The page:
IA Algorithm Acceleration Using GPUs

IA Algorithm Acceleration Using GPUs

Antonio Seoane (University of A Coruña, Spain) and Alberto Jaspe (University of A Coruña, Spain)
Copyright: © 2009 |Pages: 6
DOI: 10.4018/978-1-59904-849-9.ch129
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Abstract

Graphics Processing Units (GPUs) have been evolving very fast, turning into high performance programmable processors. Though GPUs have been designed to compute graphics algorithms, their power and flexibility makes them a very attractive platform for generalpurpose computing. In the last years they have been used to accelerate calculations in physics, computer vision, artificial intelligence, database operations, etc. (Owens, 2007). In this paper an approach to general purpose computing with GPUs is made, followed by a description of artificial intelligence algorithms based on Artificial Neural Networks (ANN) and Evolutionary Computation (EC) accelerated using GPU.
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Background

General-Purpose Computation using Graphics Processing Units (GPGPU) consists in the use of the GPU as an alternative platform for parallel computing taking advantage of the powerful performance provided by the graphics processor (General-Purpose Computation Using Graphics Hardware Website; Owens, 2007).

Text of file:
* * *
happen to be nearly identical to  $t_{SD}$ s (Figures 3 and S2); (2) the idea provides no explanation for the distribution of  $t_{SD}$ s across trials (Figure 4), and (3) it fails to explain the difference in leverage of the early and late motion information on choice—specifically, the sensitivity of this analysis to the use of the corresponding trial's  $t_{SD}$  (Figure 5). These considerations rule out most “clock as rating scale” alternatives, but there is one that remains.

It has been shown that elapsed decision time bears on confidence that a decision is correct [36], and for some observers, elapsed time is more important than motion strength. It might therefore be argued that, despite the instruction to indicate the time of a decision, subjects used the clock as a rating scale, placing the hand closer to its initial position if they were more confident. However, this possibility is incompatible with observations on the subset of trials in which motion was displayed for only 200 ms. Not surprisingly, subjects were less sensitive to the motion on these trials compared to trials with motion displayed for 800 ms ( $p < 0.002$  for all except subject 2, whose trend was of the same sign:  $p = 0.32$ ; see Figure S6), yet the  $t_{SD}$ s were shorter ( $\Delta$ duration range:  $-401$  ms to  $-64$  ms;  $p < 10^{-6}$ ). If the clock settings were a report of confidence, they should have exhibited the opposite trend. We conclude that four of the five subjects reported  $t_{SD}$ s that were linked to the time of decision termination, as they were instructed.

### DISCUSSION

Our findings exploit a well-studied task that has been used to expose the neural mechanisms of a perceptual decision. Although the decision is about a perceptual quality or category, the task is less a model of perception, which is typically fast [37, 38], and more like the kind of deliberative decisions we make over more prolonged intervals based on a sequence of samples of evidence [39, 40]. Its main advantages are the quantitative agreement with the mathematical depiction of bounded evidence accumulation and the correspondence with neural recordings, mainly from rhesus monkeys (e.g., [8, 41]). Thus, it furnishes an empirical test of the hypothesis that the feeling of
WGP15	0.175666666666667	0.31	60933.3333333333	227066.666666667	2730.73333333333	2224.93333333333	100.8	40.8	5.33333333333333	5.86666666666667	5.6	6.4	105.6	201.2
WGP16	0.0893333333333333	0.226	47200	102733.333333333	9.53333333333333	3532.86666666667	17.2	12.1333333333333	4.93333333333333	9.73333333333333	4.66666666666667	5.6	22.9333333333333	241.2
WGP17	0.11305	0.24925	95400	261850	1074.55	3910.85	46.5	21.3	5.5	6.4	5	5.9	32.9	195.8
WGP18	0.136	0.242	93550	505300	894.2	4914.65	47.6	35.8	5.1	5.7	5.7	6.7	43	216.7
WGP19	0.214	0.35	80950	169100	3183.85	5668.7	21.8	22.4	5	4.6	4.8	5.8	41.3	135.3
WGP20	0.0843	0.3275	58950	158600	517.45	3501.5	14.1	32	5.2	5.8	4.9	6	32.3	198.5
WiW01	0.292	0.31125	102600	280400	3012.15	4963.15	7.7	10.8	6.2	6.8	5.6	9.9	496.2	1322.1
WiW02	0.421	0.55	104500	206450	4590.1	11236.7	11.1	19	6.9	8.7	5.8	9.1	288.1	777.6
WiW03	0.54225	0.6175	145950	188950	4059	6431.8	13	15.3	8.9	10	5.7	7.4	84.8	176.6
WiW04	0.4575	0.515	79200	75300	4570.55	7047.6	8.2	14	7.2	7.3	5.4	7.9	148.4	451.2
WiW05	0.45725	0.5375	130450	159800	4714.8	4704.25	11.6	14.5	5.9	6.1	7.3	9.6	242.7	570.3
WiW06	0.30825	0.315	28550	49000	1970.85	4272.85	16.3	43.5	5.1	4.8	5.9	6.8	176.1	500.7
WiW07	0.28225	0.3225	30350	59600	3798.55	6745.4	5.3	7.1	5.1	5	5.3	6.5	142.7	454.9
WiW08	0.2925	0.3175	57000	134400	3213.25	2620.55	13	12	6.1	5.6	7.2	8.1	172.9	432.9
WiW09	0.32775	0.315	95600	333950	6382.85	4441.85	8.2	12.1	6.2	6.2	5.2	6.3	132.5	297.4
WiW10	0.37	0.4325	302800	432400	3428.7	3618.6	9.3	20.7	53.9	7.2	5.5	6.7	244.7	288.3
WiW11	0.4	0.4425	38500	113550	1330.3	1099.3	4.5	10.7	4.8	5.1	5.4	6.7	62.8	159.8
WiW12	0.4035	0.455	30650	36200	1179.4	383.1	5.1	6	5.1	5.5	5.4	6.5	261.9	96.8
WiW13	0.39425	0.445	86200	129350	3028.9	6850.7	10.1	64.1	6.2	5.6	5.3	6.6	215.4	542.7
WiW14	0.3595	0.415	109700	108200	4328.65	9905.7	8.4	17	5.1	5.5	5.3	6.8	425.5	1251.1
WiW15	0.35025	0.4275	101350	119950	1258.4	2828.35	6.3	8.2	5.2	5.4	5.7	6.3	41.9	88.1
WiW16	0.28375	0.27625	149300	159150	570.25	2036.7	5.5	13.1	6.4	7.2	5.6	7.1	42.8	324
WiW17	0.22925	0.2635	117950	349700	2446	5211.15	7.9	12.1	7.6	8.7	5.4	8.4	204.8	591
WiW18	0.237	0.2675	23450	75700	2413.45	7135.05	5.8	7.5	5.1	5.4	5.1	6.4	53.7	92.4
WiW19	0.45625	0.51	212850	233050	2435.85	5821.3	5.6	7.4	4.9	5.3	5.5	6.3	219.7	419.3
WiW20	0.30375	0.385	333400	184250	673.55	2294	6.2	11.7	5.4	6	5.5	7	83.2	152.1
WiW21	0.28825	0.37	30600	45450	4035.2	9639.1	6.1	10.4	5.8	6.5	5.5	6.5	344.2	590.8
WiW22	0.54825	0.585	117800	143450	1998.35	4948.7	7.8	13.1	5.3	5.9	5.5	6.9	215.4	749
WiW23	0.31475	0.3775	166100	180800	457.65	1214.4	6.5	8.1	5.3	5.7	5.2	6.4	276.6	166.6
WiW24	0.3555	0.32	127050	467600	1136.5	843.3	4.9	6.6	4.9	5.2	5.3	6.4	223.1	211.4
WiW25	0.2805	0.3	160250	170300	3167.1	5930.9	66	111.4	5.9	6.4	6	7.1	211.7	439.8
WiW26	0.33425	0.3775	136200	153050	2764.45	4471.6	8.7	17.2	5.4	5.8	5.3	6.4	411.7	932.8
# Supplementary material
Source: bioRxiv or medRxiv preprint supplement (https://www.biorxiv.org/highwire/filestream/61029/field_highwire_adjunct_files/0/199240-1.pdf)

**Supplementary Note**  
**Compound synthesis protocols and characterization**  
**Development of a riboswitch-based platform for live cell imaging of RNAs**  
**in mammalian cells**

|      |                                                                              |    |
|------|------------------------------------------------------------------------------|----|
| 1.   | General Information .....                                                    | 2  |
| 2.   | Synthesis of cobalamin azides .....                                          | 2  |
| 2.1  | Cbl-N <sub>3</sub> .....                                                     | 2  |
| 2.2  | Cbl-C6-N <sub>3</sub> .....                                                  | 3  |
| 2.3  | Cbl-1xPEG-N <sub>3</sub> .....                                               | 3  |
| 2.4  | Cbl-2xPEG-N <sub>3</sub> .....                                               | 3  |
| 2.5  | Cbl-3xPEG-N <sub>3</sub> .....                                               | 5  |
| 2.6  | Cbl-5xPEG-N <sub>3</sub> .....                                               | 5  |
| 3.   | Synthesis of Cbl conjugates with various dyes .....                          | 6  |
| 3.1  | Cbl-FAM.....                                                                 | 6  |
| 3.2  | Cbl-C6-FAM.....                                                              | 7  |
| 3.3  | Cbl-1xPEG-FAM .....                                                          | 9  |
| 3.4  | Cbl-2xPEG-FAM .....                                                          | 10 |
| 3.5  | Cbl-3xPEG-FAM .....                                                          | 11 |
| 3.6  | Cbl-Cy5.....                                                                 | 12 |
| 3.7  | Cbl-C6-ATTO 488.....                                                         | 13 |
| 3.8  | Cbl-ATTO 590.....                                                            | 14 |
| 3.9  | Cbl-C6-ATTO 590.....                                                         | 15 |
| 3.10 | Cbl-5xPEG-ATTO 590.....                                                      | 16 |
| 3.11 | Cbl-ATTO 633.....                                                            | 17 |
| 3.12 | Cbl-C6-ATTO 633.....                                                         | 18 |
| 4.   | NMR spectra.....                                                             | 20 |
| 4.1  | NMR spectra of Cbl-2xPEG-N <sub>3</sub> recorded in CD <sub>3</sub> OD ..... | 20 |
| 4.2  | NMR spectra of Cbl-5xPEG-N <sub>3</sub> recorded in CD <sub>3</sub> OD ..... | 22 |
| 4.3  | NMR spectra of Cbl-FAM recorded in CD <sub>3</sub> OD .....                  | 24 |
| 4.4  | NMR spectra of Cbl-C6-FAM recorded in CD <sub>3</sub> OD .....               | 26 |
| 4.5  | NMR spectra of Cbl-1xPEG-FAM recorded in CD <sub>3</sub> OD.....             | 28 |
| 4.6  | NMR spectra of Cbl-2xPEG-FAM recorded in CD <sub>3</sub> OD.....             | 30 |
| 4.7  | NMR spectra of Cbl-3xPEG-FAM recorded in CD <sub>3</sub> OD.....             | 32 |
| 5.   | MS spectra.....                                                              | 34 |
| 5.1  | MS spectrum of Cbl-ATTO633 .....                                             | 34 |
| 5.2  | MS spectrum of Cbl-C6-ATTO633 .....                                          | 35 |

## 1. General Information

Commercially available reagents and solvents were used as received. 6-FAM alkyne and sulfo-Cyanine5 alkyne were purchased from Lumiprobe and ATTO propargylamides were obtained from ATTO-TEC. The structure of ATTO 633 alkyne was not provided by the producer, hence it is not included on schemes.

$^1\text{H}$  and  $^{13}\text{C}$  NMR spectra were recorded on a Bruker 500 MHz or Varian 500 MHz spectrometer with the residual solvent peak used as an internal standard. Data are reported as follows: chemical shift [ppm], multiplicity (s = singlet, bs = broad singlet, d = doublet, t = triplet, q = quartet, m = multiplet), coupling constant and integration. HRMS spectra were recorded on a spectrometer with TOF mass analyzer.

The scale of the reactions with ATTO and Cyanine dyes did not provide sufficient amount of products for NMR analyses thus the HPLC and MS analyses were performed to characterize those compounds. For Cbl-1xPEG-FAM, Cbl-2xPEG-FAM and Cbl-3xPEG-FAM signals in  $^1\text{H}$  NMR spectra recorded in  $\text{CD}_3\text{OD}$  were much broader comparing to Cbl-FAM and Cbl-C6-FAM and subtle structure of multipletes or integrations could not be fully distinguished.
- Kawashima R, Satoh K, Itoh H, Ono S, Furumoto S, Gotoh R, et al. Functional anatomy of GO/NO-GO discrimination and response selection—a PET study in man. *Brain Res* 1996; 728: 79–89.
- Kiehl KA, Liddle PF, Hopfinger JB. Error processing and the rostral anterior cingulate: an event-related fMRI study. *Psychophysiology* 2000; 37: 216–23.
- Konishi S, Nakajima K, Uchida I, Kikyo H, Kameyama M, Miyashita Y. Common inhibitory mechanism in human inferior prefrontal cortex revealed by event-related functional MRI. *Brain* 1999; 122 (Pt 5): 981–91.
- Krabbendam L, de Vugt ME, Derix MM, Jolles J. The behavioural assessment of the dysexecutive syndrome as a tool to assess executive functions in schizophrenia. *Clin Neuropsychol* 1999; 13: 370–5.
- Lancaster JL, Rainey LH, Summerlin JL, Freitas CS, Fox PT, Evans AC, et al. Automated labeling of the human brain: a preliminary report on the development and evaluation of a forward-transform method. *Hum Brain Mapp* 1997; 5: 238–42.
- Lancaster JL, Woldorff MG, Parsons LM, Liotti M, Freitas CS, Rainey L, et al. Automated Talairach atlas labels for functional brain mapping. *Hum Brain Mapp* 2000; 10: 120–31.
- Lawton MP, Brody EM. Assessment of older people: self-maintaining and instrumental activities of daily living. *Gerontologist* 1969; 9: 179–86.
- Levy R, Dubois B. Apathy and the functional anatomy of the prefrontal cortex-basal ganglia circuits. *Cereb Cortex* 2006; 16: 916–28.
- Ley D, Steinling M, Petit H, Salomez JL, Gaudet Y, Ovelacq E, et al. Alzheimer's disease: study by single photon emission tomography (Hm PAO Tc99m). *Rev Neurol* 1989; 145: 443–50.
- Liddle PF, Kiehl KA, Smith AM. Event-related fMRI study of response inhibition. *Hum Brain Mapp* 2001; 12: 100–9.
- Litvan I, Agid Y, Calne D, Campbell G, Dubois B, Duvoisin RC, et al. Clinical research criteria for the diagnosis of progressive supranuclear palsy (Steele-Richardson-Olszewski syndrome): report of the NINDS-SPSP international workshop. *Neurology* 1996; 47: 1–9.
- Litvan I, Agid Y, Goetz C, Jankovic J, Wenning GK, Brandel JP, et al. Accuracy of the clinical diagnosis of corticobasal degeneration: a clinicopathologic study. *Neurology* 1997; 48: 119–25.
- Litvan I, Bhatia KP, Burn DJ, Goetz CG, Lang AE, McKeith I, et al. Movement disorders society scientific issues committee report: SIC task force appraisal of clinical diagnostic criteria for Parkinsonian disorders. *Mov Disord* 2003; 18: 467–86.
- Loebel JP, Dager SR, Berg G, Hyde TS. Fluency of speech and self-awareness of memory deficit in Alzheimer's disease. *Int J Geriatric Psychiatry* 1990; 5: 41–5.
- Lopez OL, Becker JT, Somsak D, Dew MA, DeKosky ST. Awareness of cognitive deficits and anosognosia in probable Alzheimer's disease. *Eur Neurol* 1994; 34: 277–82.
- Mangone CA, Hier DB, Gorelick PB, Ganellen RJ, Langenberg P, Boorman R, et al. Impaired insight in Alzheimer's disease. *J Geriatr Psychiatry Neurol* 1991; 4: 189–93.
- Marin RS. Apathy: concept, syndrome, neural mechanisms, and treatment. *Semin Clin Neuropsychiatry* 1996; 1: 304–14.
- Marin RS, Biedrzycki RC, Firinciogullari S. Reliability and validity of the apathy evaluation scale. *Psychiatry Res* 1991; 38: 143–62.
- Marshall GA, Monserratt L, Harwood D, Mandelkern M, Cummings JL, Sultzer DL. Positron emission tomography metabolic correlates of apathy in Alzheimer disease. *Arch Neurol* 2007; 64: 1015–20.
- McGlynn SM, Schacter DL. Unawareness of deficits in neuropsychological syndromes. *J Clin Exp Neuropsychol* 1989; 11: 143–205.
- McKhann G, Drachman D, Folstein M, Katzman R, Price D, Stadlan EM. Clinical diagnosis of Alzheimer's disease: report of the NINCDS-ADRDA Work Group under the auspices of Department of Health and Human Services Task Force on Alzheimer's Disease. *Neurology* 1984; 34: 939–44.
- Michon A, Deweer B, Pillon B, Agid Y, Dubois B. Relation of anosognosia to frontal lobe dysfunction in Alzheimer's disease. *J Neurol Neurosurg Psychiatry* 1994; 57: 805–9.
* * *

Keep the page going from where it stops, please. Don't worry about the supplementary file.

There are several reasons that justify the use of the GPU to do general-purpose computing (Luebke, 2006):

Last generation GPUs are very fast in comparison with current processors. For instance, a NVIDIA 8800 GTX card has computing capability of approximately 330 GFLOPS, whereas an Intel Core2 Duo 3.0 GHz processor has only a capability of about 48 GFLOPS.

GPUs are highly-programmable. In the last years graphical chip programming capacities have grown very much, replacing fixed-programming engines with programmable ones, like pixel and vertex engines. Moreover, this has derived in the appearance of high-level languages that help its programming.

GPUs evolution is faster than CPU’s one. The increase in GPU’s performance is nowadays from 1.7x to 2.3x per year, whereas in CPUs is about 1.4x. The pressure exerted by videogame market is one of the main reasons of this evolution, what forces companies to evolve graphics hardware continuously.

GPUs use high-precision data types. Although in the very beginning graphics hardware was designed to work with low-precision data types, at the present time internal calculations are computed using 32 bits float point numbers.

Graphics cards have low cost in relation to the capacities that they provide. Nowadays, GPUs are affordable for any user.

GPUs are highly-parallel and they can have multiple processors that allow making high-performance parallel arithmetic calculations.

Nevertheless, there are some obstacles. First, not all the algorithms fit for the GPU’s programming model, because GPUs are designed to compute high-intensive parallel algorithms (Harris, 2005). Second, there are difficulties in using GPUs, due mainly to:

GPU’s programming model is different from CPU’s one.